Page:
Administrative law – Decisions reviewed – Registrar of Trademarks – Fresh evidence – Judicial review – Appeals – Standard of review – Reasonableness – Intellectual property
Clorox Company of Canada Ltd. v. Chlorotec s.e.c.,  F.C.J. No. 408, 2018 FC 408, Federal Court of Canada, April 16, 2018, S. Grammond J.
Clorox appealed the decision by the Registrar of Trademarks that rejected Clorox’s opposition to trademark registrations filed by Chlorotec.
Clorox held the registered trademark for a brand of bleach, “Javex”. Chlorotec applied to register “Javelo”, also a brand of bleach, both in written and visual form. Clorox opposed the trademark registration on the basis that there was confusion between the two marks. The Registrar found that there was no confusion between the marks in that they had a low degree of resemblance and there was no evidence of actual confusion.
On appeal, Clorox submitted fresh evidence on the use of Clorox’s marks in Canada. The fresh evidence contained survey information on the awareness of Javex marks that supported their argument on the distinctiveness of Javex.
The Court was not persuaded by Clorox’s fresh evidence as it did “not provide any information as to the methodology that was used to conduct these surveys. It [was] therefore impossible to assess their reliability and relevance to the questions that are at issue here”. Accordingly, the Court did not consider the surveys.
After finding that the standard of review was reasonableness, the Court analyzed the issue of confusion by reviewing the factors set out in section 6(5) of the Trade-marks Act, RSC 1985, c. T-3 along with the casual consumer test described in Veuve Clicquot Ponsardin v. Boutiques Cliquot Ltee, 2006 SCC 23.
With respect to the degree of resemblance of the marks, no new evidence was adduced and the Court accepted the Registrar’s analysis and held that the decision was reasonable. While this finding was largely determinative, the Court analyzed the marks distinctiveness noting that Javelo had acquired its own distinctiveness. The new evidence showed that Javex also acquired distinctiveness over the years; however, the evidence did not allow the Court to “assess the extent of this distinctiveness nor compare it to the distinctiveness of the “Javelo” mark”. Further, the new evidence showed that the Javex mark was discreetly displayed leading to the conclusion that the distinctiveness of Javex may be on the decline.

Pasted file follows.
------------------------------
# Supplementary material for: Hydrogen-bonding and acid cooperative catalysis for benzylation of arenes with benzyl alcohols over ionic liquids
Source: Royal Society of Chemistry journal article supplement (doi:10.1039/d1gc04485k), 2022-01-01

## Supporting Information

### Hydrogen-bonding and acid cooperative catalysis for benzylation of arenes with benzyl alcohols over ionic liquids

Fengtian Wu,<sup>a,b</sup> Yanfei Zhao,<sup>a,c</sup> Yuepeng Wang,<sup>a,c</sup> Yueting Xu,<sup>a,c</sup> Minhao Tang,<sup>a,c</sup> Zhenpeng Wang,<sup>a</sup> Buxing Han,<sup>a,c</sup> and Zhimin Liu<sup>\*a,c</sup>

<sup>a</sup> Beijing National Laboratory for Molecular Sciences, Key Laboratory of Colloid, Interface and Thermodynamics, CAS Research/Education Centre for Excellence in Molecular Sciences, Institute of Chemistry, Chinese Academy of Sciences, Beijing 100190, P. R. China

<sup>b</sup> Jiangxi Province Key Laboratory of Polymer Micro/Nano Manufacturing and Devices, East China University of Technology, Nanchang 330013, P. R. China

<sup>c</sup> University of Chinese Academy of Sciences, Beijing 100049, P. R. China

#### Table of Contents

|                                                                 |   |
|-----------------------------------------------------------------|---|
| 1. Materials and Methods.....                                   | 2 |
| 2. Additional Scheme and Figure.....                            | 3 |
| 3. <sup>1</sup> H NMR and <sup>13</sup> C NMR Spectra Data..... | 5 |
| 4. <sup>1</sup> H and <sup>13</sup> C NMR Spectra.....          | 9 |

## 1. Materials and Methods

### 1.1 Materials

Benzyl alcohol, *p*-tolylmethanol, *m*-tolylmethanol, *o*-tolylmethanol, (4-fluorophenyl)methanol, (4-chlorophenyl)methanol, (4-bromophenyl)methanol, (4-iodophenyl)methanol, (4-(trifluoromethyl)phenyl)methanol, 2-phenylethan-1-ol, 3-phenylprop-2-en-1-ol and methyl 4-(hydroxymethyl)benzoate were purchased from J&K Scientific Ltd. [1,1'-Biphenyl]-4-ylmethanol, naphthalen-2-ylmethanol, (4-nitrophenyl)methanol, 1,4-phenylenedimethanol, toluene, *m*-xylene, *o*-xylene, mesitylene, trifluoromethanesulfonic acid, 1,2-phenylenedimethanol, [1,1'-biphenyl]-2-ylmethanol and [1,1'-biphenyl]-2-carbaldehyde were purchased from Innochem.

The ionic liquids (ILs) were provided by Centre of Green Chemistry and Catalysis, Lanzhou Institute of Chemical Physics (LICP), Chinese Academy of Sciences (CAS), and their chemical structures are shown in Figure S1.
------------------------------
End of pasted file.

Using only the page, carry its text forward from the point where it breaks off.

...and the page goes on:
The new evidence submitted by Clorox showed that the Javex mark had been used for the past ten years while the Javelo mark was used since 2012. This evidence, however, did not allow the Court to “assess the intensity of this use and, consequently, to reach conclusions regarding acquired distinctiveness”.
While the decision of the Registrar found that the nature of the wares was the same, the Registrar rejected Chlorotec’s argument that the wares were intended for different markets. The Court held that the Registrar’s finding that the nature of the wares favoured confusion was reasonable.
The Court finally assessed the casual consumer test agreeing that the Registrar reasonably concluded that the resemblance of the marks was low. In combination with the other factors contained in s. 6(5) of the Trade-marks Act, the Court was not persuaded that there was confusion between the marks and dismissed the appeal with costs.
This case was digested by Jackson C. Doyle, and first published in the LexisNexis® Harper Grey Administrative Law Netletter and the Harper Grey Administrative Law Newsletter. If you would like to discuss this case further, please contact Jackson C. Doyle at firstname.lastname@example.org.